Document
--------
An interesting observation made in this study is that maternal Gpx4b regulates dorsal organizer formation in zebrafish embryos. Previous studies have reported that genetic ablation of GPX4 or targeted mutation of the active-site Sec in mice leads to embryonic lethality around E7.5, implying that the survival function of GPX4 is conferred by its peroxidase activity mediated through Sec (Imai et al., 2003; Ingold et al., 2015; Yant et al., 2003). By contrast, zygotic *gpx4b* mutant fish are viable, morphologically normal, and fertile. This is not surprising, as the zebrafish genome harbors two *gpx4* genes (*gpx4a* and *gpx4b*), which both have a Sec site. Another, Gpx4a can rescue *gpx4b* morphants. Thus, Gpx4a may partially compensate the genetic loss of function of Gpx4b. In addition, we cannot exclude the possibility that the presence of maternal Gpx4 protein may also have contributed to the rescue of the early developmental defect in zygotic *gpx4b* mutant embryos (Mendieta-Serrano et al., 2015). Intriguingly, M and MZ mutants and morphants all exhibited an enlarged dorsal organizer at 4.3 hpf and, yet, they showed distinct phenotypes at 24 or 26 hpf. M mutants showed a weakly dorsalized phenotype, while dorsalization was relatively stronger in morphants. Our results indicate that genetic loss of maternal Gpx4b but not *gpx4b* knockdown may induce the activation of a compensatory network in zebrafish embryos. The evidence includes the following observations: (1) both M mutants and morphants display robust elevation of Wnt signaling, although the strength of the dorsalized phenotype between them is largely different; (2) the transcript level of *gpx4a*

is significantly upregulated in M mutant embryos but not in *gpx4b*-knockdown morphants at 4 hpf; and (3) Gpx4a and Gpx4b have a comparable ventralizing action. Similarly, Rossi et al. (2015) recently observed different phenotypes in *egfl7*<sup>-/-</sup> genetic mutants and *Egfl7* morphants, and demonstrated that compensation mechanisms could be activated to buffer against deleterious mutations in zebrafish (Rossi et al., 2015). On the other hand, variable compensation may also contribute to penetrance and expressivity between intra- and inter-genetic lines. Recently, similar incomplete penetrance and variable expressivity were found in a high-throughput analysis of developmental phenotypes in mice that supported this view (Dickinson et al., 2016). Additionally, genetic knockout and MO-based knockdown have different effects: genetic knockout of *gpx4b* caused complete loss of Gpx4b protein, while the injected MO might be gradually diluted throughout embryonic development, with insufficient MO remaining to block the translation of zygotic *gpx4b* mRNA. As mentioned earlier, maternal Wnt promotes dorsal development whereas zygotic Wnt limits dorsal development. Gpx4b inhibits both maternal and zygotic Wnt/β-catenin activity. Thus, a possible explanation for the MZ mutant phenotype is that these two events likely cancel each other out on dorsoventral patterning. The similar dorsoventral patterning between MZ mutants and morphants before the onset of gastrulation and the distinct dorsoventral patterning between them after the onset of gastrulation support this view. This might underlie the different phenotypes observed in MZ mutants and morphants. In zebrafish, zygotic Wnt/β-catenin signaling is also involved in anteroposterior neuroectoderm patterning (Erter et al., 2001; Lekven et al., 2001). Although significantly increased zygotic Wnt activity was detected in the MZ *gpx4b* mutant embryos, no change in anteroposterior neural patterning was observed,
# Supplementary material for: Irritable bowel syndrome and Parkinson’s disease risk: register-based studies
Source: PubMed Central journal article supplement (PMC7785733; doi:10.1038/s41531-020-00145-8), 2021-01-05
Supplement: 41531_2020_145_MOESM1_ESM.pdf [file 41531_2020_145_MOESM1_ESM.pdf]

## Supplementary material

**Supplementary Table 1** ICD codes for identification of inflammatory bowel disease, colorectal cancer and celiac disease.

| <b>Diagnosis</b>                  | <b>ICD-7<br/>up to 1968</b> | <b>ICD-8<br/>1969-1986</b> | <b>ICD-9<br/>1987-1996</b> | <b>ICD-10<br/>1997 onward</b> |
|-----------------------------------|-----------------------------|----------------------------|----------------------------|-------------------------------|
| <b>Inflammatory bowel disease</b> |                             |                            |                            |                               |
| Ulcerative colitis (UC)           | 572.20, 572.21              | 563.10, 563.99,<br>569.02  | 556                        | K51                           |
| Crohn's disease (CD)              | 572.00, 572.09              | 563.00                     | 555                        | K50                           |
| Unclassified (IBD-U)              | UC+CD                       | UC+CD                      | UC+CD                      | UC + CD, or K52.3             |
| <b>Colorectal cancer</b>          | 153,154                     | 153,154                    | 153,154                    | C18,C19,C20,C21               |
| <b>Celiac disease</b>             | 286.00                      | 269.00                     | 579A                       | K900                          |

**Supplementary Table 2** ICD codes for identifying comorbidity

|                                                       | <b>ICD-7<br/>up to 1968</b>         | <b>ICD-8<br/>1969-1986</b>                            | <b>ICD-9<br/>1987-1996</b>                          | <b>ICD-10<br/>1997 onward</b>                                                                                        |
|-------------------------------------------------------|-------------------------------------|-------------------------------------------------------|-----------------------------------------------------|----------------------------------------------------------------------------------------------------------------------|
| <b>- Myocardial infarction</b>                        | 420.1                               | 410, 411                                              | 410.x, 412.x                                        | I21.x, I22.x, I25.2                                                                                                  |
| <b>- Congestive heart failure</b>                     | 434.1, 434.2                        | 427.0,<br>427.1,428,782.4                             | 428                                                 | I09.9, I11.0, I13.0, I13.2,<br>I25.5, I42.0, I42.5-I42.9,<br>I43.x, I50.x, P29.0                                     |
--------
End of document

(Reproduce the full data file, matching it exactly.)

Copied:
An interesting observation made in this study is that maternal Gpx4b regulates dorsal organizer formation in zebrafish embryos. Previous studies have reported that genetic ablation of GPX4 or targeted mutation of the active-site Sec in mice leads to embryonic lethality around E7.5, implying that the survival function of GPX4 is conferred by its peroxidase activity mediated through Sec (Imai et al., 2003; Ingold et al., 2015; Yant et al., 2003). By contrast, zygotic *gpx4b* mutant fish are viable, morphologically normal, and fertile. This is not surprising, as the zebrafish genome harbors two *gpx4* genes (*gpx4a* and *gpx4b*), which both have a Sec site. Another, Gpx4a can rescue *gpx4b* morphants. Thus, Gpx4a may partially compensate the genetic loss of function of Gpx4b. In addition, we cannot exclude the possibility that the presence of maternal Gpx4 protein may also have contributed to the rescue of the early developmental defect in zygotic *gpx4b* mutant embryos (Mendieta-Serrano et al., 2015). Intriguingly, M and MZ mutants and morphants all exhibited an enlarged dorsal organizer at 4.3 hpf and, yet, they showed distinct phenotypes at 24 or 26 hpf. M mutants showed a weakly dorsalized phenotype, while dorsalization was relatively stronger in morphants. Our results indicate that genetic loss of maternal Gpx4b but not *gpx4b* knockdown may induce the activation of a compensatory network in zebrafish embryos. The evidence includes the following observations: (1) both M mutants and morphants display robust elevation of Wnt signaling, although the strength of the dorsalized phenotype between them is largely different; (2) the transcript level of *gpx4a*

is significantly upregulated in M mutant embryos but not in *gpx4b*-knockdown morphants at 4 hpf; and (3) Gpx4a and Gpx4b have a comparable ventralizing action. Similarly, Rossi et al. (2015) recently observed different phenotypes in *egfl7*<sup>-/-</sup> genetic mutants and *Egfl7* morphants, and demonstrated that compensation mechanisms could be activated to buffer against deleterious mutations in zebrafish (Rossi et al., 2015). On the other hand, variable compensation may also contribute to penetrance and expressivity between intra- and inter-genetic lines. Recently, similar incomplete penetrance and variable expressivity were found in a high-throughput analysis of developmental phenotypes in mice that supported this view (Dickinson et al., 2016). Additionally, genetic knockout and MO-based knockdown have different effects: genetic knockout of *gpx4b* caused complete loss of Gpx4b protein, while the injected MO might be gradually diluted throughout embryonic development, with insufficient MO remaining to block the translation of zygotic *gpx4b* mRNA. As mentioned earlier, maternal Wnt promotes dorsal development whereas zygotic Wnt limits dorsal development. Gpx4b inhibits both maternal and zygotic Wnt/β-catenin activity. Thus, a possible explanation for the MZ mutant phenotype is that these two events likely cancel each other out on dorsoventral patterning. The similar dorsoventral patterning between MZ mutants and morphants before the onset of gastrulation and the distinct dorsoventral patterning between them after the onset of gastrulation support this view. This might underlie the different phenotypes observed in MZ mutants and morphants. In zebrafish, zygotic Wnt/β-catenin signaling is also involved in anteroposterior neuroectoderm patterning (Erter et al., 2001; Lekven et al., 2001). Although significantly increased zygotic Wnt activity was detected in the MZ *gpx4b* mutant embryos, no change in anteroposterior neural patterning was observed,
# Supplementary material for: Irritable bowel syndrome and Parkinson’s disease risk: register-based studies
Source: PubMed Central journal article supplement (PMC7785733; doi:10.1038/s41531-020-00145-8), 2021-01-05
Supplement: 41531_2020_145_MOESM1_ESM.pdf [file 41531_2020_145_MOESM1_ESM.pdf]

## Supplementary material

**Supplementary Table 1** ICD codes for identification of inflammatory bowel disease, colorectal cancer and celiac disease.

| <b>Diagnosis</b>                  | <b>ICD-7<br/>up to 1968</b> | <b>ICD-8<br/>1969-1986</b> | <b>ICD-9<br/>1987-1996</b> | <b>ICD-10<br/>1997 onward</b> |
|-----------------------------------|-----------------------------|----------------------------|----------------------------|-------------------------------|
| <b>Inflammatory bowel disease</b> |                             |                            |                            |                               |
| Ulcerative colitis (UC)           | 572.20, 572.21              | 563.10, 563.99,<br>569.02  | 556                        | K51                           |
| Crohn's disease (CD)              | 572.00, 572.09              | 563.00                     | 555                        | K50                           |
| Unclassified (IBD-U)              | UC+CD                       | UC+CD                      | UC+CD                      | UC + CD, or K52.3             |
| <b>Colorectal cancer</b>          | 153,154                     | 153,154                    | 153,154                    | C18,C19,C20,C21               |
| <b>Celiac disease</b>             | 286.00                      | 269.00                     | 579A                       | K900                          |

**Supplementary Table 2** ICD codes for identifying comorbidity

|                                                       | <b>ICD-7<br/>up to 1968</b>         | <b>ICD-8<br/>1969-1986</b>                            | <b>ICD-9<br/>1987-1996</b>                          | <b>ICD-10<br/>1997 onward</b>                                                                                        |
|-------------------------------------------------------|-------------------------------------|-------------------------------------------------------|-----------------------------------------------------|----------------------------------------------------------------------------------------------------------------------|
| <b>- Myocardial infarction</b>                        | 420.1                               | 410, 411                                              | 410.x, 412.x                                        | I21.x, I22.x, I25.2                                                                                                  |
| <b>- Congestive heart failure</b>                     | 434.1, 434.2                        | 427.0,<br>427.1,428,782.4                             | 428                                                 | I09.9, I11.0, I13.0, I13.2,<br>I25.5, I42.0, I42.5-I42.9,<br>I43.x, I50.x, P29.0                                     |